The current decade has been a very good one for Irish horror. While they haven't quite reached the same kind of transgressive peak that extreme French horror did in the last decade with Frontiere(s), Inside, and Martyrs, Ireland's current horror boom is putting the Island nation back on the genre film map in a very noticeable way. Dennis Bartok's Nails takes this trend, and many of its recurring themes and builds on it with a solid addition to the canon of modern Irish horror.
Nails is the story of health-nut, wife, and mother, Dana (The Descent's Shauna MacDonald), who is horribly injured after being hit by a car and ends up in long term care in the hospital. Completely bed-ridden while attempting to heal, Dana starts to see visions of a terrifying specter who threatens her the second she is left alone.
When she tries to tell her caretakers about her visions, she is dismissed outright by all by her orderly, Trevor (comedian Ross Noble). The visions become more and more violent until the spirit, Nails, finally attacks her, leaving her skin shredded and her husband and caretakers at a loss to explain what they thought was creeping cabin fever. Her frequent solitude combined with the fact that no one believes her leaves Dana alone to face her literal demon. This will not end well.
Unlike previous entries in recent Irish horror history, Nails doesn't rely on local folk tales (The Hallow) or Catholic guilt (Let Us Prey), the story is far more universal. However, that doesn't mean that is doesn't take what is effective about those films and put it into play in a new way. Like both of those film, the central conflicts in Nails are based around the protagonist's isolation. Dana is a wife and mother who is stripped of almost all forms of her identity by her hospitalization. She cannot effectively mother her child, nor be a caring wife to her husband. She is left alone with not only her struggle to recuperate, but also the personal guilt that comes with the feeling that she has abandoned her family.
On top of that personal guilt and loss of self, she faces another major blow to her identity by being confined to her hospital bed. Nails begins with an extended sequence of Dana's daily routine. She's a fitness fanatic, we see her getting up early, doing yoga, and jogging for miles before beginning her day. This focus on having a healthy body is a big part of her personality that she also cannot maintain because of her injuries. The contradiction between her inner desire to be healthy and the senseless loss of her physical faculties tears at her throughout the film.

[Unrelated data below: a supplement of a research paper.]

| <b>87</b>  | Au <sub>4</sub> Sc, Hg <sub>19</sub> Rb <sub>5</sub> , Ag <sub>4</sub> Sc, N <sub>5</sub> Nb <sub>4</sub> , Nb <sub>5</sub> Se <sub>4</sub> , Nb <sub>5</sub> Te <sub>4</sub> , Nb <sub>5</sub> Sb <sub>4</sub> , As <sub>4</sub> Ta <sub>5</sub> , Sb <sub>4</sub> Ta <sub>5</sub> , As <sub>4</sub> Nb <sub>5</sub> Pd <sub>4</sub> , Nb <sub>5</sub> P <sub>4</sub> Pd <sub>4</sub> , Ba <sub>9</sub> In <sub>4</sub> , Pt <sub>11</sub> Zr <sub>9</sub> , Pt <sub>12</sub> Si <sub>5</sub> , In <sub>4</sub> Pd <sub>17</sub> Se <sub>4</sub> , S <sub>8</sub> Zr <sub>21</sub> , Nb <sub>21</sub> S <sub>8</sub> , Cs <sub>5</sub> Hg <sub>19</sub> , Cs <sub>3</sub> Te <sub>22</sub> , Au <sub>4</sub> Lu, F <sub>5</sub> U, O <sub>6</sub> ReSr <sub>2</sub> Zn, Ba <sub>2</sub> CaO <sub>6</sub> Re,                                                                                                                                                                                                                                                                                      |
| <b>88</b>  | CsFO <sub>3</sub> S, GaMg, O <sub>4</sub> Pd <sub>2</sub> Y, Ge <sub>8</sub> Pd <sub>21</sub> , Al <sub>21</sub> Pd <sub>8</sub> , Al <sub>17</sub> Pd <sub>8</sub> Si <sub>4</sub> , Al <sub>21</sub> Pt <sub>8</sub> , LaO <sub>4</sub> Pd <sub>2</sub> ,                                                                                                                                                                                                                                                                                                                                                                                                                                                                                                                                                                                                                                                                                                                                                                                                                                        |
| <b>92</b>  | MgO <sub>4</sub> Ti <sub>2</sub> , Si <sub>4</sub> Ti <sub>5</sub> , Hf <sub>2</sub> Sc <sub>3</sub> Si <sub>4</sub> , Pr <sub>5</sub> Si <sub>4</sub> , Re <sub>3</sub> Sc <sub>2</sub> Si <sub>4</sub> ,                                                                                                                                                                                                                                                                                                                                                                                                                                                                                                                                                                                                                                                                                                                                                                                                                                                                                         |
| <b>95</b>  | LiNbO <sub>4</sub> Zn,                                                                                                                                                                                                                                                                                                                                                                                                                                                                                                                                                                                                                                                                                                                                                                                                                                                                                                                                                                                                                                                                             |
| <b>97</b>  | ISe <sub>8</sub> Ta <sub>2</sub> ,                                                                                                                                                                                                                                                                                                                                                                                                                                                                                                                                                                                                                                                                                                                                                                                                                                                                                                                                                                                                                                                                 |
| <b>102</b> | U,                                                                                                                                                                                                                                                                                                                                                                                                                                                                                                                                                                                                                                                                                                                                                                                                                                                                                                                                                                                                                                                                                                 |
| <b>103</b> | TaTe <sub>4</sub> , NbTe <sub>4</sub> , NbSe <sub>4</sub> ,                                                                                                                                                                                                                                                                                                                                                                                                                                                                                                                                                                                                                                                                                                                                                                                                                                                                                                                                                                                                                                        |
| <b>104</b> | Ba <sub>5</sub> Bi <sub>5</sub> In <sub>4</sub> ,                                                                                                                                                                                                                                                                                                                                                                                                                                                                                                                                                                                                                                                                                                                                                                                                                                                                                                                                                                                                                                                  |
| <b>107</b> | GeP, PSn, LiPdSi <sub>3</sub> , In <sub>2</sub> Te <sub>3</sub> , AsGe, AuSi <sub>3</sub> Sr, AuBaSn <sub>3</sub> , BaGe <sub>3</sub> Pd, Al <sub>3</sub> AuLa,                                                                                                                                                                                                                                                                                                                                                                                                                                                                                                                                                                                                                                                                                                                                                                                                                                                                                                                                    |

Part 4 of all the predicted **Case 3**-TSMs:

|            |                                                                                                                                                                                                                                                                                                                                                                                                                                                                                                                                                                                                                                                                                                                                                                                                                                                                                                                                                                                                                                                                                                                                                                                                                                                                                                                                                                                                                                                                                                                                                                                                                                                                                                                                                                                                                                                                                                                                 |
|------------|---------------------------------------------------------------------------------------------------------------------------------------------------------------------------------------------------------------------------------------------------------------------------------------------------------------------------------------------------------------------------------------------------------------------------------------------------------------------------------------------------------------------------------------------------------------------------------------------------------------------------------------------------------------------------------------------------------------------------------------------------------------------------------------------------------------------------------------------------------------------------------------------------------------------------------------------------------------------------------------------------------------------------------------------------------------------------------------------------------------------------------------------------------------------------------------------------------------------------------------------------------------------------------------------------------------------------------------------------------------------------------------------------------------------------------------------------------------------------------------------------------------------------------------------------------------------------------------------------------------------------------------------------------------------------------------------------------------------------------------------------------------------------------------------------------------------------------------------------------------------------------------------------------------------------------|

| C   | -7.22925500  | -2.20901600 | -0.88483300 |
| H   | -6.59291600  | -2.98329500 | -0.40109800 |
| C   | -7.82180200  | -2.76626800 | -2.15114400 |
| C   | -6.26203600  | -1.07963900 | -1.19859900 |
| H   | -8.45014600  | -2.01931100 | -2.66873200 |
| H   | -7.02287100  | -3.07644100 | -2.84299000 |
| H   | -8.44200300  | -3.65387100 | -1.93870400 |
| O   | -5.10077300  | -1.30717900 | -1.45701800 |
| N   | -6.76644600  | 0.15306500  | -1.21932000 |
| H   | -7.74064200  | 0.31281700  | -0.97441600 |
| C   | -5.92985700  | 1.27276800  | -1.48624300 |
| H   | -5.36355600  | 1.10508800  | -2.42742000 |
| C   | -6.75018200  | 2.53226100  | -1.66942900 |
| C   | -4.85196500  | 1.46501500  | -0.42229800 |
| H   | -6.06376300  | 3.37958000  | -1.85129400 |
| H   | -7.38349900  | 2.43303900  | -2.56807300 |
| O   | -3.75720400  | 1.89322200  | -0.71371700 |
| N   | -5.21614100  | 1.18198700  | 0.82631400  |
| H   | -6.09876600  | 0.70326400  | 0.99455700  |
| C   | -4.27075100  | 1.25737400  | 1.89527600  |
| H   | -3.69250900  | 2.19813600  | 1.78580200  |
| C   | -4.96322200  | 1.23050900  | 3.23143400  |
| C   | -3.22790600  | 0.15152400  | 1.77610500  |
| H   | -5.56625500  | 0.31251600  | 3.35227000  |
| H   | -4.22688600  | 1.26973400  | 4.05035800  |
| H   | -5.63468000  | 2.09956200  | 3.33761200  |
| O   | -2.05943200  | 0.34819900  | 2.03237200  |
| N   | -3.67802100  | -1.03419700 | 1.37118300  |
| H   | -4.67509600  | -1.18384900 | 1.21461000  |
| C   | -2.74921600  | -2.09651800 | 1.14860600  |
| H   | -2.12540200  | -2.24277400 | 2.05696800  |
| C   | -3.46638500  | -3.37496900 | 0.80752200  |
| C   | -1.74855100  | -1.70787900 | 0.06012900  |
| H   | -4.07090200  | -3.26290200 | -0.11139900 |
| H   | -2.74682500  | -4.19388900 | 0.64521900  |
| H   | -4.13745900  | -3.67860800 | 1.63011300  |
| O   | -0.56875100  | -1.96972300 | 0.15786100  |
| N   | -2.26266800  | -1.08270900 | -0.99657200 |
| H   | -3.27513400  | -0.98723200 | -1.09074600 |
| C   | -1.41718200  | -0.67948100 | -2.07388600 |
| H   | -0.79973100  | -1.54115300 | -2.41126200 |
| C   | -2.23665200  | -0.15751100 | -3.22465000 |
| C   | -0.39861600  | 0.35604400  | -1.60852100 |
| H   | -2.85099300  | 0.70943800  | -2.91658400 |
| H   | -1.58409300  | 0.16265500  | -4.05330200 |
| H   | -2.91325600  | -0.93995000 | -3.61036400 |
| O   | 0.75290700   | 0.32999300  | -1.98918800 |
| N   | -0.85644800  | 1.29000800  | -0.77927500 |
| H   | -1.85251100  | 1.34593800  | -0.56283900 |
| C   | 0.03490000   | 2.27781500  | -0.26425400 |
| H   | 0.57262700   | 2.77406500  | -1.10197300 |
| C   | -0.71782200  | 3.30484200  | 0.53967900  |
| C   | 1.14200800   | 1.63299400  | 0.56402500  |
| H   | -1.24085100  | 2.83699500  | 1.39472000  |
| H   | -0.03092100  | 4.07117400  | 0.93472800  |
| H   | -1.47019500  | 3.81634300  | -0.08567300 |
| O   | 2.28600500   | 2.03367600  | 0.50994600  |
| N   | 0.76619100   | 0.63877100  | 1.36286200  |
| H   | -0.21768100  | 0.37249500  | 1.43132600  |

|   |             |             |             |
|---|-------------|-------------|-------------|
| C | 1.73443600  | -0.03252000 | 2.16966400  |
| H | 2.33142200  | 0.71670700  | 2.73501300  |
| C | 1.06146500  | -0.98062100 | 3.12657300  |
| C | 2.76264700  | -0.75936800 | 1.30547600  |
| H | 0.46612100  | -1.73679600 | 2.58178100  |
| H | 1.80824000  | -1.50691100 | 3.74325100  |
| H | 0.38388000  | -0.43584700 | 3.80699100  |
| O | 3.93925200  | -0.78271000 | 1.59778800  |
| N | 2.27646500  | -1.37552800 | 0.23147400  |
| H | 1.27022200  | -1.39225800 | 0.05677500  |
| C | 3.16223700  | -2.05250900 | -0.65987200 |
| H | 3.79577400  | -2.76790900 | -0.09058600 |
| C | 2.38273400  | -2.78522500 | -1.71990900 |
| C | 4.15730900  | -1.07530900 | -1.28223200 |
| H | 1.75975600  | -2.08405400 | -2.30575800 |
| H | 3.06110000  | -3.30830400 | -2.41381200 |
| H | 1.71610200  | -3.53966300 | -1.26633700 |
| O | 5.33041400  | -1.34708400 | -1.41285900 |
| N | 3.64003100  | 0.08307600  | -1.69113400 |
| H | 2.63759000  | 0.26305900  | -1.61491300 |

Dana is a physically strong woman, but she is tested day in and day out by her inability to display that strength even in the most minute of ways while confined her to hospital bed. MacDonald's performance in the film is far and away the most appealing. She's forced to do a lot with not much in terms of interaction, the majority of the film is her either alone or with Trevor, discussing her fears all the while sounding like a crazy person. Her mental deterioration is very evident through the film, and MacDonald does a solid job of portraying this woman who feels abandoned by her family and her body.
That's not to say that Nails is a strictly psychological horror film, in fact, that's probably the furthest thing from the truth. At its core, Nails wants to scare, and it does a very good job of delivering on that front. The Nails character is an imposing figure, all arms and legs and horrifyingly long fingernails that will make the OCD crowd shiver in terror. The realization of Nails on screen is a bit muddled from time to time, but fans of Japanese horrors like The Grudge and Ringu will certainly recognize some influence there.
Where the film suffers is bridging the gap between the best horror films of its ilk and the crowd-pleaser it ultimately wants to be. Films like Jennifer Kent's The Babadook do a better job of marrying the psychological horror and visceral terror of the unseen stalker. Dana's isolation in the hospital makes it a bit tougher to build the kind of bond that makes The Babadook one of the best horror films of the decade. There is a lack of some connective tissue that would bring Nails to the next level. Character motivations, both good and bad, are a bit unclear and there are times when it seems like greater attention to pathos would've helped the audience connect on a more emotional level.
While not exactly minor quibbles, my problems with Nails are largely academic. This is a film for horror fans, and I think horror fans will be pleased. The story is engaging, the characters are mostly sympathetic, and the scares are fun. Your mileage may vary as far as what you expect from modern horror, those for whom arthouse horror is the only way forward may not be as enamored of the film as I am. However, if you're looking for some honest to goodness scares, Nails is the ticket.